In the spring, I feel nothing could be more beautiful than what we enjoy in Southern Illinois. Of course, I feel the same way in the fall. If you are from Southern Illinois, you understand the title of this blog because you know that our region has long been called Egypt. Some call the area Little Egypt, and there are heated objections among the purists as to that little word.
Others of us differ whether we should write southern Illinois or Southern Illinois. As a former English teacher, I would say that southern Illinois is correct. As someone who loves the area and sees it as a very distinct entity, I choose to write Southern Illinois. We are also sometimes called The Land Between the Rivers or River Region. Whatever we are called, we have four seasons, which is one of the reasons I wanted to live out my life in the region of my birth. Like most people living here, my favorites are spring and fall.
Right now I am intent on enjoying spring. (I can barely resist capitalizing spring. I just checked the Associated Press stylebook on my desk, and I was correct not to capitalize a season. And yet I almost went back and capitalized Spring and Fall anyhow! For me this season brings the emotions that call for capital letters and exclamation points.)
Gerald’s brother Keith and nephew Tim have grown beef for our freezers, and Gerald and Keith took them down to Kentucky recently to have them butchered there by an Amish butchering shop. Monday they will go bring back the processed beef. This is the first time in a few years since we have purchased a beef. So yesterday my friend Linda came and helped me defrost the freezer in our garage to get ready for this abundance.
Yesterday was a great day to do this task since it was not miserably cold, and yet it was cool enough that I didn’t worry as we emptied the freezer contents into tubs and buckets and covered them with blankets while we did the defrosting and cleaning work. At the other farm house, my daughters used to be enlisted to help me do this job. I don’t want to waste much time lest foods start to thaw. At that house, the freezer in the laundry room was right next to the children’s bathroom, and we could store the frozen foods in the bathtub and cover with blankets while we cleaned.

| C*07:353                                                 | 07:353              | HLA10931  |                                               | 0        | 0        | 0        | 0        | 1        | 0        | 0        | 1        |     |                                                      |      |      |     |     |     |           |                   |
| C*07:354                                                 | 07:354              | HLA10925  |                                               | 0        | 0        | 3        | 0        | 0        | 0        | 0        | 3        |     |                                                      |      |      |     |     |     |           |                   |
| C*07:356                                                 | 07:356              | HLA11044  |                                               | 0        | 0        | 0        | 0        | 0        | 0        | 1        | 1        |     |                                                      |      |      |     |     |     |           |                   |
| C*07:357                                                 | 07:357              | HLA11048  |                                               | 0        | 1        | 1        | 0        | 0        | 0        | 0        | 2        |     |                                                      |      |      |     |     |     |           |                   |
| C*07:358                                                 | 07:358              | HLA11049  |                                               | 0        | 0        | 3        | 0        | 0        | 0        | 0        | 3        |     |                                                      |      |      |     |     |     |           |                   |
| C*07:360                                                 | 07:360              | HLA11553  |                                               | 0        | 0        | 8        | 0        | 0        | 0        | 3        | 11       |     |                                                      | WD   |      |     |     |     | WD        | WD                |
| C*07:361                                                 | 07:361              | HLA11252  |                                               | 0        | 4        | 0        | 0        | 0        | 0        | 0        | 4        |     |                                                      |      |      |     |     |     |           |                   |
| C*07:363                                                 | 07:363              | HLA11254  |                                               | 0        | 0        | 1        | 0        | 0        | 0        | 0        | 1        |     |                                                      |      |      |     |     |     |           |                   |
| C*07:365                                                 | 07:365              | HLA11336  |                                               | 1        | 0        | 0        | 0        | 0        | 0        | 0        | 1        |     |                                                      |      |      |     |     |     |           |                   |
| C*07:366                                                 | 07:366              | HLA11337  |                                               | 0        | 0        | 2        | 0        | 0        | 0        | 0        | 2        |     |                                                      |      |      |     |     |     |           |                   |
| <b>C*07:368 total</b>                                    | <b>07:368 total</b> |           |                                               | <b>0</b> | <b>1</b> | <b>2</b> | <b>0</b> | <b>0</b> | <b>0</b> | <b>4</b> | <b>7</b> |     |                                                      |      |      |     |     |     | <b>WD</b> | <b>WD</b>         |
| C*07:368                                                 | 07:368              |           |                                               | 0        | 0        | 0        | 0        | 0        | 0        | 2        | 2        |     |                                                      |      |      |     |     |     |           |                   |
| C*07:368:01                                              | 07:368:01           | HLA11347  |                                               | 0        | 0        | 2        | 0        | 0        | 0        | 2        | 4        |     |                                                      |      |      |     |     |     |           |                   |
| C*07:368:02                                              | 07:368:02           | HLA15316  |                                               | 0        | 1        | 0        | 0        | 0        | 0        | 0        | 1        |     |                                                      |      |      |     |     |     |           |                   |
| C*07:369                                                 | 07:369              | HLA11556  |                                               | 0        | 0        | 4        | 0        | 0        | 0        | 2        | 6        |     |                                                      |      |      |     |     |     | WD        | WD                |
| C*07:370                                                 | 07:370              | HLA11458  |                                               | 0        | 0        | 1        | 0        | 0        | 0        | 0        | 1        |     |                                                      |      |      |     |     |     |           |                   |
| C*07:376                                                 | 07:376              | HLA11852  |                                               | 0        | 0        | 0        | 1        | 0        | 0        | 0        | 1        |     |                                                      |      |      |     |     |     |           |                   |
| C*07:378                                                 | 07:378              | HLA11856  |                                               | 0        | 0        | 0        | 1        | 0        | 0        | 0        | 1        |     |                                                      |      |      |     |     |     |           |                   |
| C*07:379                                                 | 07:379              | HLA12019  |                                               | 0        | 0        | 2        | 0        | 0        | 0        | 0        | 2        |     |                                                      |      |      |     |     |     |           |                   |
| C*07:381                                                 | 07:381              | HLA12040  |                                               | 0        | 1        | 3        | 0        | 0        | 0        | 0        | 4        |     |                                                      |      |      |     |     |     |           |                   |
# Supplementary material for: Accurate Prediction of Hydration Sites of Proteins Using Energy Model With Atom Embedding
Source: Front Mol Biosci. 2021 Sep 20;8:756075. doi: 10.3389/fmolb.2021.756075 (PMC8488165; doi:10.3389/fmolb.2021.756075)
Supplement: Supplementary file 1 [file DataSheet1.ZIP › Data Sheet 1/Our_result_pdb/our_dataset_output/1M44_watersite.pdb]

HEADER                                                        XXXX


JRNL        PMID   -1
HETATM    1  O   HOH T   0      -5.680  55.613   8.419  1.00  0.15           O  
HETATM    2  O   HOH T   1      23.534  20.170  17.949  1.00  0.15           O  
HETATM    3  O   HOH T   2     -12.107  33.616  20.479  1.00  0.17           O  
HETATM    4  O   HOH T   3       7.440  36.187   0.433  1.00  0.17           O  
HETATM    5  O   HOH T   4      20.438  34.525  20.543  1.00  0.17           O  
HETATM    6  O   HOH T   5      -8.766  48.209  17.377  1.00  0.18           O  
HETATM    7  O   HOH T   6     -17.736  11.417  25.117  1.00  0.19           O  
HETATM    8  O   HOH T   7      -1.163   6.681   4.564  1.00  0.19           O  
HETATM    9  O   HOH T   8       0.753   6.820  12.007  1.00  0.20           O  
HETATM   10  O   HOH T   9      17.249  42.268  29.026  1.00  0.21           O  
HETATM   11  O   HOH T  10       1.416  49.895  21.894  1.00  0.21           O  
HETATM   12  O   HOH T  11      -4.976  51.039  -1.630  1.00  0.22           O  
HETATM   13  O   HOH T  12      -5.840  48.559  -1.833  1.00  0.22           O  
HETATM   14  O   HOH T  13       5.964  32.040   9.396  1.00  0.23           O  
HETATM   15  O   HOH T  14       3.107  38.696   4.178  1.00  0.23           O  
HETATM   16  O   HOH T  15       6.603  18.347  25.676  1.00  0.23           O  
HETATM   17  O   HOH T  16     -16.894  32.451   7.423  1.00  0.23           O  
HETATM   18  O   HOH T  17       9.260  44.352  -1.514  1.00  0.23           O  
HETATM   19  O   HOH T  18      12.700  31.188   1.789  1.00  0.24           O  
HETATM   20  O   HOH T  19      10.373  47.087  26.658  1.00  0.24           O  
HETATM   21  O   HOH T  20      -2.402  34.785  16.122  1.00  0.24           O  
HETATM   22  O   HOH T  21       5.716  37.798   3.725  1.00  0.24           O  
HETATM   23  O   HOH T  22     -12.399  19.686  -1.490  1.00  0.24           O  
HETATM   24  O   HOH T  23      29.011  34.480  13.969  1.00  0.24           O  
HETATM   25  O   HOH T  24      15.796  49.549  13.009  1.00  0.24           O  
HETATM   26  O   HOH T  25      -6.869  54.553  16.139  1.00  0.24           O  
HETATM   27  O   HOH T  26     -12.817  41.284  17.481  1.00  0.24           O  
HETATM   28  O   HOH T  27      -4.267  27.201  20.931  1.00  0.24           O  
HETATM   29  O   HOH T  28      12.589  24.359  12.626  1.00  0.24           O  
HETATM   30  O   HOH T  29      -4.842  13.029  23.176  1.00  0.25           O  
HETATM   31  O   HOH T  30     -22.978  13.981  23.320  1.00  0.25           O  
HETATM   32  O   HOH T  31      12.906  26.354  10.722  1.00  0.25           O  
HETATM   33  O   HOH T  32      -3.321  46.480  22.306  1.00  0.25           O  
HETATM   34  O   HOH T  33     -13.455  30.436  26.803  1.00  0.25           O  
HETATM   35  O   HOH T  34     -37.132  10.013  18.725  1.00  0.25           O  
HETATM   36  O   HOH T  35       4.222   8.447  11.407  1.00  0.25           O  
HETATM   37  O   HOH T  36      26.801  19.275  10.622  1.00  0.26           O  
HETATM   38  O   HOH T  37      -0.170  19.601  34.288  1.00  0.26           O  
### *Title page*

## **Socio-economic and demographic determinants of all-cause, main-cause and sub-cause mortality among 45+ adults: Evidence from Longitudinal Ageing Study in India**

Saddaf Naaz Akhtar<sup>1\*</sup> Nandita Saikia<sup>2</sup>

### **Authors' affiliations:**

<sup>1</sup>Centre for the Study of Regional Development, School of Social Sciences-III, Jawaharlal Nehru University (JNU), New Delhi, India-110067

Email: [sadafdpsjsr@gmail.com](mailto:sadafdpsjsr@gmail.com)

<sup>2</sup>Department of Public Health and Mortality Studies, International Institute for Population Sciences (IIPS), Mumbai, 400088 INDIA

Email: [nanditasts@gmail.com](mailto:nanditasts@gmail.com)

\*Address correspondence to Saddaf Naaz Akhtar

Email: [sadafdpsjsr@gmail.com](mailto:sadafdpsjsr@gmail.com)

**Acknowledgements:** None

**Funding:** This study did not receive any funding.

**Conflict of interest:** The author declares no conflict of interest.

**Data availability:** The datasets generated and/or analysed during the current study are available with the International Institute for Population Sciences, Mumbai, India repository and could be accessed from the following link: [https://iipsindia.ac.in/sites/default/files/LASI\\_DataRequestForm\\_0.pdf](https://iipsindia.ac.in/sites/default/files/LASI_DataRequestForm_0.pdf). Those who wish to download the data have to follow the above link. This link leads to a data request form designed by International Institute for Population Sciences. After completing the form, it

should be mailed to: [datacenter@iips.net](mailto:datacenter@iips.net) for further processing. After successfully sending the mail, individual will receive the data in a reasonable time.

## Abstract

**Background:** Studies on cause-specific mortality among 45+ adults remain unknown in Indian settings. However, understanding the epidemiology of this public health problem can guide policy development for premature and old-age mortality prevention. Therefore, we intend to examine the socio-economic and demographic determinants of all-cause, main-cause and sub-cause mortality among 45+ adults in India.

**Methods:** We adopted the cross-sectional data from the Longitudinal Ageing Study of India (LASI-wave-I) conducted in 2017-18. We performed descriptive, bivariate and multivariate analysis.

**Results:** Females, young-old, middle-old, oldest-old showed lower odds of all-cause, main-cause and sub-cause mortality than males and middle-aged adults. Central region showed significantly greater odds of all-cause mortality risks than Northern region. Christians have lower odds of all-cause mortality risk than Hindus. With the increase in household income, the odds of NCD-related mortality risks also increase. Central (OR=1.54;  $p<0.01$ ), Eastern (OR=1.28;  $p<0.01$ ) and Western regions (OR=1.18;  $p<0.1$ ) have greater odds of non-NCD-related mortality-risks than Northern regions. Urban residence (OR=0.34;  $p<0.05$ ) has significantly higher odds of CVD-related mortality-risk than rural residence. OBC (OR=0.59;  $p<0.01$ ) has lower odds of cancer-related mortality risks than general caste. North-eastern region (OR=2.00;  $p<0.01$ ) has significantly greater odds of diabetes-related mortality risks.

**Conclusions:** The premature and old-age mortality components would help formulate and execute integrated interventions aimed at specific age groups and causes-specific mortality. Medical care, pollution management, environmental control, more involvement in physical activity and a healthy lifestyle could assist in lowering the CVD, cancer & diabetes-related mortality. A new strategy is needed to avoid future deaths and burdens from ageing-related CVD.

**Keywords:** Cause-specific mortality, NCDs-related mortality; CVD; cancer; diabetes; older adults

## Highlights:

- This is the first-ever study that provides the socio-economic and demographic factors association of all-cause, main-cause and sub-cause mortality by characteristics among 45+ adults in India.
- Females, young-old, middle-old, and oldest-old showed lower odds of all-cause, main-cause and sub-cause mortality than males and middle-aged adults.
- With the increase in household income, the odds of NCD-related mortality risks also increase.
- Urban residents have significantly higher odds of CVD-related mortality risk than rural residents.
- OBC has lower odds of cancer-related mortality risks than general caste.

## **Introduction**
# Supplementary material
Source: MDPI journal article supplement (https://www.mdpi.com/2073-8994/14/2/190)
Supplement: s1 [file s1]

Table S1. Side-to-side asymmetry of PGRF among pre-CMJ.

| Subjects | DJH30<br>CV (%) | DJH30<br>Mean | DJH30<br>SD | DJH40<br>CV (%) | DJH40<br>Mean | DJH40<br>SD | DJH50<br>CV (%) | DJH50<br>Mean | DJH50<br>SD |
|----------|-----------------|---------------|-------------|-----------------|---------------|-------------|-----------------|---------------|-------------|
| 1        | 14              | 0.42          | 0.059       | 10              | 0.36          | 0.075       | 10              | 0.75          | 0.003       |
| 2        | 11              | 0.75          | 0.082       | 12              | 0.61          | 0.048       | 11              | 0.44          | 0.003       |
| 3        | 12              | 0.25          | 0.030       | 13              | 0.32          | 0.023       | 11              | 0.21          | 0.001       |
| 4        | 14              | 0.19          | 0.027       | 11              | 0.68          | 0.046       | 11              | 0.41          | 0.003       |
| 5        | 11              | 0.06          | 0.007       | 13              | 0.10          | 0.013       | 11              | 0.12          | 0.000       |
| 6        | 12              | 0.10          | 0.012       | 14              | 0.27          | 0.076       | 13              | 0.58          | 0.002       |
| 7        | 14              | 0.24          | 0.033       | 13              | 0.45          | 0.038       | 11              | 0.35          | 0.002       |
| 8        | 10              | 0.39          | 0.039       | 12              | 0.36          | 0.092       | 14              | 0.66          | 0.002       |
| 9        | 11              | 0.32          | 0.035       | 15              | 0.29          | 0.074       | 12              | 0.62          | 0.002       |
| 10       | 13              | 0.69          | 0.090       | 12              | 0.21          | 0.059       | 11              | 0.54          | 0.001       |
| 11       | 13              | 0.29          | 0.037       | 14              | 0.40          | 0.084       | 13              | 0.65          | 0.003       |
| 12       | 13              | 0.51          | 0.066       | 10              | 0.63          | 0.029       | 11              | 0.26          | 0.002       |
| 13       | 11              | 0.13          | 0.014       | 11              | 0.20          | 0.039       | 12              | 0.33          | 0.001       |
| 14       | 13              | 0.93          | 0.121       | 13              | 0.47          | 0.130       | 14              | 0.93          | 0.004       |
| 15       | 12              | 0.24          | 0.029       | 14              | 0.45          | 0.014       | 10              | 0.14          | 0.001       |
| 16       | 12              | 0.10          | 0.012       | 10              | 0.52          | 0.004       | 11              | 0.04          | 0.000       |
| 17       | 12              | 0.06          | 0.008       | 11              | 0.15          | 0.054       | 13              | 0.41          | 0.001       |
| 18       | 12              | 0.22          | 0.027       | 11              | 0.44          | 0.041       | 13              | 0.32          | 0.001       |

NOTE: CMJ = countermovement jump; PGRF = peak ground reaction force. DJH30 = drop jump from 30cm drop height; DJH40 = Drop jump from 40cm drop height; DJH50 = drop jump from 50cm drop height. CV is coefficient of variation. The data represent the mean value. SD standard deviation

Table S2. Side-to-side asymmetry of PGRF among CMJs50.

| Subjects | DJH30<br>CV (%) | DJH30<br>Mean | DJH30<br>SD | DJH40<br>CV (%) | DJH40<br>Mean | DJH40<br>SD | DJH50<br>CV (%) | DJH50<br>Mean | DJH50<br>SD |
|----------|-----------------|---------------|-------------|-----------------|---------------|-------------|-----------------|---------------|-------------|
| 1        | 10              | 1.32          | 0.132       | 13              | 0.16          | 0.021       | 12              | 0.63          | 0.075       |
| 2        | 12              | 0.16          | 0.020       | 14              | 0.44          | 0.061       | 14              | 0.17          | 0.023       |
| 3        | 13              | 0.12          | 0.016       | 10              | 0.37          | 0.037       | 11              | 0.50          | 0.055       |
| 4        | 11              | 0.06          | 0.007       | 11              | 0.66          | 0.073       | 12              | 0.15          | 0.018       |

A few bits and pieces of previous meals that I had saved when my thriftiness was in overdrive had to be thrown out. Quite a few items I’d saved and forgotten were placed in the refrigerator to be eaten in yesterday and today’s meals. I thawed a beef roast and prepared it today since we will be getting this new supply Monday.
I would be lying if I did not admit that I feel smug every time I pass the freezer and imagine all that nice clean empty space inside thanks to all the sorting and rearranging we accomplished.
With the lovely weather, I have also made a start at cleaning out the flower beds—something that did not get done last fall. I have carried away four bags of leaves, weeds, and dead plants to add to the organic material out in the field. Gerald has rolled the lawn and mowed it for the first time. The beautiful green is so intense that the many blossoms on trees and flowers give a welcome relief. There is still work to be done, and if the predicted rain comes tomorrow, that will be the end of working in the yard for awhile.
Maybe that will help me get to the bills and letter writing duties awaiting me on my kitchen desk.
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